To help homeless youth to stay in school, we will be collecting non-perishable food, personal grooming items, household items, and gift cards from Fry’s grocery store, Target, or Walmart. Youth on Their Own (YOTO) helps 1600 homeless teens each year to stay and finish high school by providing financial assistance, personal counseling, and basic guidance. TSB members can make a difference by investing in Arizona’s future, helping YOTO break the cycle of poverty and preventing teens from dropping out of school. YOTO has been helping middle and high school students in Pima County for 30 years and has helped over 16,000 homeless young people.
TSB members can help by bringing the following items:
• Non-perishable food: macaroni and cheese mix, canned soup and fruit, canned pasta, etc., spaghetti sauce and pasta, Ramen Noodles.
• New, regular personal grooming items: shaving cream, razors, deodorant, body wash/soap, shampoo and conditioner
• Household Items: paper towels, toilet paper, laundry detergent pods, dryer sheets, gift cards from Wal-Mart and Target for clothing and from grocery stores for food.
Let’s see how much TSB members can contribute to this worthy cause. Many of these items can be purchased at the dollar stores. It is great to help our local teens. For more information call Kristan 293-1136 or go to yoto.org . Thank you for your help.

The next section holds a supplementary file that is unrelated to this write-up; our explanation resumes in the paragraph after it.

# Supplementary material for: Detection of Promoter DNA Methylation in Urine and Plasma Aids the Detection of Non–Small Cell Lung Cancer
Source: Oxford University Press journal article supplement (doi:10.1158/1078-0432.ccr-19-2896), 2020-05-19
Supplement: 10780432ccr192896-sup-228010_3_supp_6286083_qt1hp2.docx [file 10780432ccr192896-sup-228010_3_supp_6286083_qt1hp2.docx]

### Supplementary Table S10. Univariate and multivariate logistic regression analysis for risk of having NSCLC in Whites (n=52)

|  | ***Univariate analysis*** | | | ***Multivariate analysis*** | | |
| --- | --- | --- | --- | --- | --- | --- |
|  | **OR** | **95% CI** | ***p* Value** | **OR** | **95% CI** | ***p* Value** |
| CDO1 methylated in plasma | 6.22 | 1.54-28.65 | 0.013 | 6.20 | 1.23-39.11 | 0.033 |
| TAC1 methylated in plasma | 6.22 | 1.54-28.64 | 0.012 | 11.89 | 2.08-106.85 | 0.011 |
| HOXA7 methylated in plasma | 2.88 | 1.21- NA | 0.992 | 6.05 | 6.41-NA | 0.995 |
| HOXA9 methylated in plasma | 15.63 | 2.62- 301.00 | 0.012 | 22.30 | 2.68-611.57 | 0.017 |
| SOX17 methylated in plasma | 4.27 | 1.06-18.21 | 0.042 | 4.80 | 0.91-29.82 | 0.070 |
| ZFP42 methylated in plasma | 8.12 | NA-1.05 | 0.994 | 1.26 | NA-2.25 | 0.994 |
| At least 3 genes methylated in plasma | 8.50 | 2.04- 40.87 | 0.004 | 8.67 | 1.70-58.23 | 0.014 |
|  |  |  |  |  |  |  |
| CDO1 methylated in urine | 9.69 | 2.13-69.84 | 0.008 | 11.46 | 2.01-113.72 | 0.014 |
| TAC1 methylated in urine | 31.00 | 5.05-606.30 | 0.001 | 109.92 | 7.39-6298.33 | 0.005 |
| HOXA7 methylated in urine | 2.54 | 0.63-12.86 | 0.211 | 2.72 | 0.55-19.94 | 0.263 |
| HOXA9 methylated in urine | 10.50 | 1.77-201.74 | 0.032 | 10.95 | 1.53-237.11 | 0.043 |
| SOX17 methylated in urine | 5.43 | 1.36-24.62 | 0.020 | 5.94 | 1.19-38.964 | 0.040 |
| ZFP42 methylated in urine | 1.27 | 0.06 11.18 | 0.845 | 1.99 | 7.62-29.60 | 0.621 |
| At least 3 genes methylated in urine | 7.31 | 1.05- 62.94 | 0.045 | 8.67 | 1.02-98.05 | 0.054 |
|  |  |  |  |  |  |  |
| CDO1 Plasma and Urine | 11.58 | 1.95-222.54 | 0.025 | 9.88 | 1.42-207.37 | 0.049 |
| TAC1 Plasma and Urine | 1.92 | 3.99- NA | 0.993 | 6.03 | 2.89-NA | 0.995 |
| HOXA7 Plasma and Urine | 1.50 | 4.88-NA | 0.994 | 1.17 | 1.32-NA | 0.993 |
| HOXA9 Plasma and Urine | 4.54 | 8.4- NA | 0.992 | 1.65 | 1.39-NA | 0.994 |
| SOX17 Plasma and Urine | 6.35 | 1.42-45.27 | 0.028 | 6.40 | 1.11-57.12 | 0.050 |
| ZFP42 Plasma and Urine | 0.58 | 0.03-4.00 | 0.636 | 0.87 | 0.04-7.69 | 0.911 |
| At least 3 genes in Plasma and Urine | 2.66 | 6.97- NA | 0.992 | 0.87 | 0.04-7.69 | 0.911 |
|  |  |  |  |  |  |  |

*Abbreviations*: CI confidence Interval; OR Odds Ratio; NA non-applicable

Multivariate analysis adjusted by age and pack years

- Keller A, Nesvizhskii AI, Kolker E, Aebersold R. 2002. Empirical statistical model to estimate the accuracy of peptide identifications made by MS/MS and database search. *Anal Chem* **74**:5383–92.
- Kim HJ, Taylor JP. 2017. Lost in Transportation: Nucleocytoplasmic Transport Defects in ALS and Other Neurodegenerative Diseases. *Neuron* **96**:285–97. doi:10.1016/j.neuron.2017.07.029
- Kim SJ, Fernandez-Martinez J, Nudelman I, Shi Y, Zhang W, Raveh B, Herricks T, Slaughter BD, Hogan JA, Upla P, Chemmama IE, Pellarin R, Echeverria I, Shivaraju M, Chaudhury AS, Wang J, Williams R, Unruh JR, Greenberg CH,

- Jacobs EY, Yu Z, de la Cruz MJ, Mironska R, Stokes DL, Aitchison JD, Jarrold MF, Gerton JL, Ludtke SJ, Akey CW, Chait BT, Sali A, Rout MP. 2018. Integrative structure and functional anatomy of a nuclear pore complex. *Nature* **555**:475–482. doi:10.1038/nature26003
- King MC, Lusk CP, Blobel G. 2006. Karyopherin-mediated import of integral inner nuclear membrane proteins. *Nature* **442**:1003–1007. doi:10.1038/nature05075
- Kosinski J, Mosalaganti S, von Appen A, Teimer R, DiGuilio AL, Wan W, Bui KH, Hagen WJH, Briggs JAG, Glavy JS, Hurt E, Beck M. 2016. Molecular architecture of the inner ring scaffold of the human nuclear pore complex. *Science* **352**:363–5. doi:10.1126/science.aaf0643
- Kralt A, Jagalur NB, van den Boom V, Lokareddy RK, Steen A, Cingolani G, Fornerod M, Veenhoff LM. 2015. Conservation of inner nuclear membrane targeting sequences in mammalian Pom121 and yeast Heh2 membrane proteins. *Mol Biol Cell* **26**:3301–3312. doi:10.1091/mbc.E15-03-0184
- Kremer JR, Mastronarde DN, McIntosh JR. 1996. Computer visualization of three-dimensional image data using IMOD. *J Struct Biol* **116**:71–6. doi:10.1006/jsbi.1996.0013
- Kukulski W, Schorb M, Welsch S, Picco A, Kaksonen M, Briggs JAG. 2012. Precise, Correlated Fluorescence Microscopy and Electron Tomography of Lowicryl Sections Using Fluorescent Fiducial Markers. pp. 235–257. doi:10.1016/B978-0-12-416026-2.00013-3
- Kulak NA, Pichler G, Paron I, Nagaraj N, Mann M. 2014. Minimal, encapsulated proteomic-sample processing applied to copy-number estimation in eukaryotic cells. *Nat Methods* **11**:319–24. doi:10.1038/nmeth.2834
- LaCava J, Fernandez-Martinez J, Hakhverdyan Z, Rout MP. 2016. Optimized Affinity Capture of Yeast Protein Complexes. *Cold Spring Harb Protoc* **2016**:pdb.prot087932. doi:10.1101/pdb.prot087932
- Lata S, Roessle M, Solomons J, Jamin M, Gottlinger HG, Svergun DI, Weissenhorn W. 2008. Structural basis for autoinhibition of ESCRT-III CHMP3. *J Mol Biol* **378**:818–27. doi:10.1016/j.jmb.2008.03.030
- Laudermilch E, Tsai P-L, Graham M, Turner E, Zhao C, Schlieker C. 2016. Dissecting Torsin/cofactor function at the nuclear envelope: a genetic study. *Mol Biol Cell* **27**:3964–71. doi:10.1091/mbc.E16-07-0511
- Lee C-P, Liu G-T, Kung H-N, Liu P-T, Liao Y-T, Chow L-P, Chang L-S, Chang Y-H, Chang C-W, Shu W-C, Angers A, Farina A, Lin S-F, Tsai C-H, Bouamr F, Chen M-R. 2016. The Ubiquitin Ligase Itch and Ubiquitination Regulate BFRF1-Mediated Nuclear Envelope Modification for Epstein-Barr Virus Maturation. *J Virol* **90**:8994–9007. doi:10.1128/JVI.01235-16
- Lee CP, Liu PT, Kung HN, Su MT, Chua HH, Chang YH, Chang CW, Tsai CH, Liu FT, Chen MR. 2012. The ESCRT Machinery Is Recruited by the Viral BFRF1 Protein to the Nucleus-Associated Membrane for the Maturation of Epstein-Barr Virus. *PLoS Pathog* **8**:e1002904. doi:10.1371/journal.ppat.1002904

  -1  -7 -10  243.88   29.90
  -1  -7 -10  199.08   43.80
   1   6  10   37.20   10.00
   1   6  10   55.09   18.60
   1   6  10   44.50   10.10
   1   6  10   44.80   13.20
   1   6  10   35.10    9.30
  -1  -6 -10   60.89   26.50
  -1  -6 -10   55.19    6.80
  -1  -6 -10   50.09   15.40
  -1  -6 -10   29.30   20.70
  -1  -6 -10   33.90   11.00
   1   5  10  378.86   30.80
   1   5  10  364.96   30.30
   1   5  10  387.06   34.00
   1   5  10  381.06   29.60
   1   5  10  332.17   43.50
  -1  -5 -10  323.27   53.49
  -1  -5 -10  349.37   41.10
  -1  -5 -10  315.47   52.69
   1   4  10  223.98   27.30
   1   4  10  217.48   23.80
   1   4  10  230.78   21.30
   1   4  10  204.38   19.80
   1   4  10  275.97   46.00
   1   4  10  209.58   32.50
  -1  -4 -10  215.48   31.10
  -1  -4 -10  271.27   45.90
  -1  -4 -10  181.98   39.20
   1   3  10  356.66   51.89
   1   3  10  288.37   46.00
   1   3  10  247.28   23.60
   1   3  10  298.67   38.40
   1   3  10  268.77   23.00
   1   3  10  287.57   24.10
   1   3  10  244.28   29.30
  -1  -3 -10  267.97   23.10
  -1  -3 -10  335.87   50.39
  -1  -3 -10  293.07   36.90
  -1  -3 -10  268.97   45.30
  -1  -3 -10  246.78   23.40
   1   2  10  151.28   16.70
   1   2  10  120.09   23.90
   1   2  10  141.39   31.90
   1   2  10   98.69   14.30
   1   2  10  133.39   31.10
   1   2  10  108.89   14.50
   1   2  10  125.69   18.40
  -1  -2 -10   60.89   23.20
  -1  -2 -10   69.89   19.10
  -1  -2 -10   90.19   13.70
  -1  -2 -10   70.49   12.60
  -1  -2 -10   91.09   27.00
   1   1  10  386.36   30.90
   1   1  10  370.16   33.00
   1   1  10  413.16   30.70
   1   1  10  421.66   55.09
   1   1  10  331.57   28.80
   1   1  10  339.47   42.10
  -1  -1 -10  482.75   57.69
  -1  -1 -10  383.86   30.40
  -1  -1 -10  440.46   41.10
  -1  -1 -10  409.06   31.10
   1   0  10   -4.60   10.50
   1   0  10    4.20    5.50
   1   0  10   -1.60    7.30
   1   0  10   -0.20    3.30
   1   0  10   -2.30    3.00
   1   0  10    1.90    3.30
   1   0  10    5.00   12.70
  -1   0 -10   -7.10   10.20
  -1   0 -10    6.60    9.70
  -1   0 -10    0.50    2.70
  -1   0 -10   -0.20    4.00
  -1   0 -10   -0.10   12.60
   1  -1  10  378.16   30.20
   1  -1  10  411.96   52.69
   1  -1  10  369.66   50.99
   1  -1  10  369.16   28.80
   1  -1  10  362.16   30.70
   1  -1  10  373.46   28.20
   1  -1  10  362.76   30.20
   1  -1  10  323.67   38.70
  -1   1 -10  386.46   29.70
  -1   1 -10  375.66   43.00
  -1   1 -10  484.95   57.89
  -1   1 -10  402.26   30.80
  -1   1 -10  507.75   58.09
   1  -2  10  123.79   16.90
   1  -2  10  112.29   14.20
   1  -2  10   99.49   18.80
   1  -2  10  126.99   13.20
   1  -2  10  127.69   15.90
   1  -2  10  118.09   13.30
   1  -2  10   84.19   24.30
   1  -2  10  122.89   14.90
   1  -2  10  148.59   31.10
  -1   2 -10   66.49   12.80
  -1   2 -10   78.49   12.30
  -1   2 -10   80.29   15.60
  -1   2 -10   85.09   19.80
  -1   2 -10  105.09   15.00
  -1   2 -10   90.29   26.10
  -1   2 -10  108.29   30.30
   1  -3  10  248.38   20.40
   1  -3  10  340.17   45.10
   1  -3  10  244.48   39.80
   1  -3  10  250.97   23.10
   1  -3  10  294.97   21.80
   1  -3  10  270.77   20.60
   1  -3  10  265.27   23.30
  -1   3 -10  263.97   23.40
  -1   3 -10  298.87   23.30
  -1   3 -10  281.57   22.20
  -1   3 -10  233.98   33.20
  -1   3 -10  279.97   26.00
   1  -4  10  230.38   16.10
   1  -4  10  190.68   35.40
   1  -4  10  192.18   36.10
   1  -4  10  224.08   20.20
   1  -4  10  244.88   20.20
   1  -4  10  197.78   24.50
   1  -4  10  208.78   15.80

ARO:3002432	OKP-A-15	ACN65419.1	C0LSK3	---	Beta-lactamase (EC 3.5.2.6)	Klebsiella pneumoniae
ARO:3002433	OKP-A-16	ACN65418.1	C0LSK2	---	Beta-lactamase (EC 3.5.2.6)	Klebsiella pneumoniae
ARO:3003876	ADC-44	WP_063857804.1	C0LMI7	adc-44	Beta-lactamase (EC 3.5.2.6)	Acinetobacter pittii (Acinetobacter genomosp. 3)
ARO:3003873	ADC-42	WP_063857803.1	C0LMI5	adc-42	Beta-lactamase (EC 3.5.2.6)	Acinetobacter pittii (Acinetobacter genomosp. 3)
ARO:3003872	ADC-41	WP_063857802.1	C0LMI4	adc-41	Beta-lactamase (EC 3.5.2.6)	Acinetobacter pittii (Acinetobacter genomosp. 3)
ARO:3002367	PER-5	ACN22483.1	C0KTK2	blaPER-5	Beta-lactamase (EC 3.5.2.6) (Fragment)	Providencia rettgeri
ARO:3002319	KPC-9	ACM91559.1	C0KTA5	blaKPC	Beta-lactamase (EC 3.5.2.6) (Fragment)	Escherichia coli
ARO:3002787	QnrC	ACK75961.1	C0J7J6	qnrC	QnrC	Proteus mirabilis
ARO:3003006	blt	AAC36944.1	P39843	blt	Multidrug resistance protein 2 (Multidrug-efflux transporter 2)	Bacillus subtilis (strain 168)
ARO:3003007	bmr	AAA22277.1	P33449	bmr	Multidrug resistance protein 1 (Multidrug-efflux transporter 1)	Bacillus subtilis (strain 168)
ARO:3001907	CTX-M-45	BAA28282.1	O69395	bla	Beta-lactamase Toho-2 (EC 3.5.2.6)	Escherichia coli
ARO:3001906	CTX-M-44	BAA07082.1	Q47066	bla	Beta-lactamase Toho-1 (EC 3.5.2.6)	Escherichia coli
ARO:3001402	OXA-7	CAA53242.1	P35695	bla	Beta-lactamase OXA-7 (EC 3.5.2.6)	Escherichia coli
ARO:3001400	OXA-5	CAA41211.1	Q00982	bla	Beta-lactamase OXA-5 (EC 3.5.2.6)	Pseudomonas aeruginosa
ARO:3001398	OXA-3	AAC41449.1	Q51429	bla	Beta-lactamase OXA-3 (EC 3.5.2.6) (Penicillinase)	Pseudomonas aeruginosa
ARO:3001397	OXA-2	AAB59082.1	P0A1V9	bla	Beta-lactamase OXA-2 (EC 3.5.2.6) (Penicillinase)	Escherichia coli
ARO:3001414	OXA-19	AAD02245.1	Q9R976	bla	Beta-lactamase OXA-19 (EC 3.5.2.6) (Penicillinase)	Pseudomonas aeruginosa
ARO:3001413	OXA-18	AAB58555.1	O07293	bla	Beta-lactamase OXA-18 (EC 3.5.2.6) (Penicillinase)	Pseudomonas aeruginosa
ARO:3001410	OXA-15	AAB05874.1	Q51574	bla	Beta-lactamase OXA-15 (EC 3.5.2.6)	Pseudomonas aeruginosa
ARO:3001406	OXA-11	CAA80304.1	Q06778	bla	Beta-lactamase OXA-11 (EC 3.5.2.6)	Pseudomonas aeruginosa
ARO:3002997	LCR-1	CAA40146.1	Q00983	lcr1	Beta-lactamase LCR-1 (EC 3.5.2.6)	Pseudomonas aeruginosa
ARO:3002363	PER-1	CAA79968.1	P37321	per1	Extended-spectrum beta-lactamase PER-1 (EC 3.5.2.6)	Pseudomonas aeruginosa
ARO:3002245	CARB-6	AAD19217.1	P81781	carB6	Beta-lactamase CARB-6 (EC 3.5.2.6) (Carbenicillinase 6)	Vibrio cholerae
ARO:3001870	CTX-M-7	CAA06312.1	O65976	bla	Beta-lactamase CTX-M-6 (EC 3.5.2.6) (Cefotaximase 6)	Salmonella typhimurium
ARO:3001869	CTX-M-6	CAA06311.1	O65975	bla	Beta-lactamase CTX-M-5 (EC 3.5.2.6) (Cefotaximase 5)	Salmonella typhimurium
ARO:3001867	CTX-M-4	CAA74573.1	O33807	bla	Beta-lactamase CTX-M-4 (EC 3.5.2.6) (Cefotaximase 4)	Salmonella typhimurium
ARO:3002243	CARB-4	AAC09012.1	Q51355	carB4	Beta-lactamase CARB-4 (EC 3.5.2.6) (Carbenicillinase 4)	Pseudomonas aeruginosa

In Loving Memory of Lucy Laue
Lucy was a joy to know and a wonderful person. She often said that she wished she knew about TSB sooner. Lucy was married to Ken for 68 years and was 97 when she passed. She had a heart attack on Sunday, Feb 9th. Lucy will be missed by TSB members and is survived by a son and grandchildren.
President’s Message by Barbara Macpherson
TSB had two outstanding concerts and silent auctions on March 5th and March 6th. We raised about $4,000 total! A big thanks goes to Marilyn and Dutch, Hunter, Richard, Catt, Emily, Betsy, Wesley, Marge, Linda, and Vicki. A Special Thanks goes to Tom Young for managing and selling raffle tickets which brought in $395. Annie did an outstanding job as host and she kept us on time. Our wonderful performers, Christine Vivona, Rob Boone, and Bill Ganz gave super concerts. Over 65 businesses donated items to the silent auction. And of course a big Thank You goes to TSB members and friends who came to the concerts as well as to the residents and activity staff of Fellowship Square.
Eye Talk by Annie Schlesinger
Published in Braille Monitor, March 2020